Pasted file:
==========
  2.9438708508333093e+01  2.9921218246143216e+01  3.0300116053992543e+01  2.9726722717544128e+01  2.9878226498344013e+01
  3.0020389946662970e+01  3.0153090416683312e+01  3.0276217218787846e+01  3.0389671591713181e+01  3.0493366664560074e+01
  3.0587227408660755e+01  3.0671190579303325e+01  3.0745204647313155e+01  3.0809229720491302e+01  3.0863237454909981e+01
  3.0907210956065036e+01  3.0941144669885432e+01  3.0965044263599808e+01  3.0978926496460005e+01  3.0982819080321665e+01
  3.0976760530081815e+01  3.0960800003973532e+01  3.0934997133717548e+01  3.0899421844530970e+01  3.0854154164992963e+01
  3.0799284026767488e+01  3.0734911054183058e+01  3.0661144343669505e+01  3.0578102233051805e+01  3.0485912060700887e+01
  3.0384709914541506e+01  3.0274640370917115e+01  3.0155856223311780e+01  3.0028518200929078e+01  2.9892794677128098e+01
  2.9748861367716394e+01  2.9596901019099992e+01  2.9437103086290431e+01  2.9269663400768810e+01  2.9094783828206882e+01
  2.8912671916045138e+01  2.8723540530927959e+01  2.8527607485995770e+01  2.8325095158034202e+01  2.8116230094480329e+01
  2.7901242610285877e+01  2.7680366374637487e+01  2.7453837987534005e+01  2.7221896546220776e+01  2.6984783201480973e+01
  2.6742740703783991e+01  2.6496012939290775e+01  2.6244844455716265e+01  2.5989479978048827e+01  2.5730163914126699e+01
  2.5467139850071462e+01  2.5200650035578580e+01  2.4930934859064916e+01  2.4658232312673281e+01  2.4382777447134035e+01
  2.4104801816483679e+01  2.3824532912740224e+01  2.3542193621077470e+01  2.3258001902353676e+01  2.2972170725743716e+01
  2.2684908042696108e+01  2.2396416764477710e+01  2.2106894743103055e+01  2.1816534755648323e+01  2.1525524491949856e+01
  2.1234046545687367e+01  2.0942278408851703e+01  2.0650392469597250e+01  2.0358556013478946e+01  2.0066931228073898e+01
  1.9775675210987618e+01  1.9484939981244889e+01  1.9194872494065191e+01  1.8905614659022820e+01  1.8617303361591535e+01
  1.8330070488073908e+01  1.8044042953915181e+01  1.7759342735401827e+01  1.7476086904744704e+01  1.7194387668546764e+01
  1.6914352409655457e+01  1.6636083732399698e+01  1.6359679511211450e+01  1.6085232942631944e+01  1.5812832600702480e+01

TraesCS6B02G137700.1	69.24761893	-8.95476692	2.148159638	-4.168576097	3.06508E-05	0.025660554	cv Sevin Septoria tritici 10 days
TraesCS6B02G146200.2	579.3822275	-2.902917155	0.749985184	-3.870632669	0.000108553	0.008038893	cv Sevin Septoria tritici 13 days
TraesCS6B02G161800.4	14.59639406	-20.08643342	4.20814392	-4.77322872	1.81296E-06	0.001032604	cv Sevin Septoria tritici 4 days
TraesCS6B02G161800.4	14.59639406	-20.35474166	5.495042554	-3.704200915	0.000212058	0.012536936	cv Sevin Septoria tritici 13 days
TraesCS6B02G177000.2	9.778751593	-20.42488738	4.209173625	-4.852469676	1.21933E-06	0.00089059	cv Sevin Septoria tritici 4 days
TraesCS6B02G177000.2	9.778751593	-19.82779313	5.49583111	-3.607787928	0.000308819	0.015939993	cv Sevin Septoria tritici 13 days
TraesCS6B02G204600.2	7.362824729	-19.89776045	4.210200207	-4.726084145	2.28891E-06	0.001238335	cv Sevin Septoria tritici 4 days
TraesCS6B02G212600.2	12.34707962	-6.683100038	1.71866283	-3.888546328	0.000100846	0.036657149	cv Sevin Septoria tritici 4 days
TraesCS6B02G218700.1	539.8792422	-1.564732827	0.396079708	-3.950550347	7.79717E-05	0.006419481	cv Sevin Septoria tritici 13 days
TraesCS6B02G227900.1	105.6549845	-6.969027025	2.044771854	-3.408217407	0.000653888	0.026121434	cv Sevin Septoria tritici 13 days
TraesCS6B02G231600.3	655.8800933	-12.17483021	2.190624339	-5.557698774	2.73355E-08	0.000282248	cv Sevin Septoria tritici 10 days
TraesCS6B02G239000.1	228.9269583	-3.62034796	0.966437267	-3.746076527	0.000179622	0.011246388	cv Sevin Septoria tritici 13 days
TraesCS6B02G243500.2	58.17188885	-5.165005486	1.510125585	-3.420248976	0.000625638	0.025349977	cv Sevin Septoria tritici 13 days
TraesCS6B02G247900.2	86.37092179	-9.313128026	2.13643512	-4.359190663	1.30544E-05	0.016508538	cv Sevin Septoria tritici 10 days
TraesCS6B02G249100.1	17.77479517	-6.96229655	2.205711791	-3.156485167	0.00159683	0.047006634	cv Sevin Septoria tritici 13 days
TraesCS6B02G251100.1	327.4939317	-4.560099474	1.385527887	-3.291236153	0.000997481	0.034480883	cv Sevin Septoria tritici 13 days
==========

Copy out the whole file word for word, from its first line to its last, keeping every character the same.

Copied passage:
  2.9438708508333093e+01  2.9921218246143216e+01  3.0300116053992543e+01  2.9726722717544128e+01  2.9878226498344013e+01
  3.0020389946662970e+01  3.0153090416683312e+01  3.0276217218787846e+01  3.0389671591713181e+01  3.0493366664560074e+01
  3.0587227408660755e+01  3.0671190579303325e+01  3.0745204647313155e+01  3.0809229720491302e+01  3.0863237454909981e+01
  3.0907210956065036e+01  3.0941144669885432e+01  3.0965044263599808e+01  3.0978926496460005e+01  3.0982819080321665e+01
  3.0976760530081815e+01  3.0960800003973532e+01  3.0934997133717548e+01  3.0899421844530970e+01  3.0854154164992963e+01
  3.0799284026767488e+01  3.0734911054183058e+01  3.0661144343669505e+01  3.0578102233051805e+01  3.0485912060700887e+01
  3.0384709914541506e+01  3.0274640370917115e+01  3.0155856223311780e+01  3.0028518200929078e+01  2.9892794677128098e+01
  2.9748861367716394e+01  2.9596901019099992e+01  2.9437103086290431e+01  2.9269663400768810e+01  2.9094783828206882e+01
  2.8912671916045138e+01  2.8723540530927959e+01  2.8527607485995770e+01  2.8325095158034202e+01  2.8116230094480329e+01
  2.7901242610285877e+01  2.7680366374637487e+01  2.7453837987534005e+01  2.7221896546220776e+01  2.6984783201480973e+01
  2.6742740703783991e+01  2.6496012939290775e+01  2.6244844455716265e+01  2.5989479978048827e+01  2.5730163914126699e+01
  2.5467139850071462e+01  2.5200650035578580e+01  2.4930934859064916e+01  2.4658232312673281e+01  2.4382777447134035e+01
  2.4104801816483679e+01  2.3824532912740224e+01  2.3542193621077470e+01  2.3258001902353676e+01  2.2972170725743716e+01
  2.2684908042696108e+01  2.2396416764477710e+01  2.2106894743103055e+01  2.1816534755648323e+01  2.1525524491949856e+01
  2.1234046545687367e+01  2.0942278408851703e+01  2.0650392469597250e+01  2.0358556013478946e+01  2.0066931228073898e+01
  1.9775675210987618e+01  1.9484939981244889e+01  1.9194872494065191e+01  1.8905614659022820e+01  1.8617303361591535e+01
  1.8330070488073908e+01  1.8044042953915181e+01  1.7759342735401827e+01  1.7476086904744704e+01  1.7194387668546764e+01
  1.6914352409655457e+01  1.6636083732399698e+01  1.6359679511211450e+01  1.6085232942631944e+01  1.5812832600702480e+01

TraesCS6B02G137700.1	69.24761893	-8.95476692	2.148159638	-4.168576097	3.06508E-05	0.025660554	cv Sevin Septoria tritici 10 days
TraesCS6B02G146200.2	579.3822275	-2.902917155	0.749985184	-3.870632669	0.000108553	0.008038893	cv Sevin Septoria tritici 13 days
TraesCS6B02G161800.4	14.59639406	-20.08643342	4.20814392	-4.77322872	1.81296E-06	0.001032604	cv Sevin Septoria tritici 4 days
TraesCS6B02G161800.4	14.59639406	-20.35474166	5.495042554	-3.704200915	0.000212058	0.012536936	cv Sevin Septoria tritici 13 days
TraesCS6B02G177000.2	9.778751593	-20.42488738	4.209173625	-4.852469676	1.21933E-06	0.00089059	cv Sevin Septoria tritici 4 days
TraesCS6B02G177000.2	9.778751593	-19.82779313	5.49583111	-3.607787928	0.000308819	0.015939993	cv Sevin Septoria tritici 13 days
TraesCS6B02G204600.2	7.362824729	-19.89776045	4.210200207	-4.726084145	2.28891E-06	0.001238335	cv Sevin Septoria tritici 4 days
TraesCS6B02G212600.2	12.34707962	-6.683100038	1.71866283	-3.888546328	0.000100846	0.036657149	cv Sevin Septoria tritici 4 days
TraesCS6B02G218700.1	539.8792422	-1.564732827	0.396079708	-3.950550347	7.79717E-05	0.006419481	cv Sevin Septoria tritici 13 days
TraesCS6B02G227900.1	105.6549845	-6.969027025	2.044771854	-3.408217407	0.000653888	0.026121434	cv Sevin Septoria tritici 13 days
TraesCS6B02G231600.3	655.8800933	-12.17483021	2.190624339	-5.557698774	2.73355E-08	0.000282248	cv Sevin Septoria tritici 10 days
TraesCS6B02G239000.1	228.9269583	-3.62034796	0.966437267	-3.746076527	0.000179622	0.011246388	cv Sevin Septoria tritici 13 days
TraesCS6B02G243500.2	58.17188885	-5.165005486	1.510125585	-3.420248976	0.000625638	0.025349977	cv Sevin Septoria tritici 13 days
TraesCS6B02G247900.2	86.37092179	-9.313128026	2.13643512	-4.359190663	1.30544E-05	0.016508538	cv Sevin Septoria tritici 10 days
TraesCS6B02G249100.1	17.77479517	-6.96229655	2.205711791	-3.156485167	0.00159683	0.047006634	cv Sevin Septoria tritici 13 days
TraesCS6B02G251100.1	327.4939317	-4.560099474	1.385527887	-3.291236153	0.000997481	0.034480883	cv Sevin Septoria tritici 13 days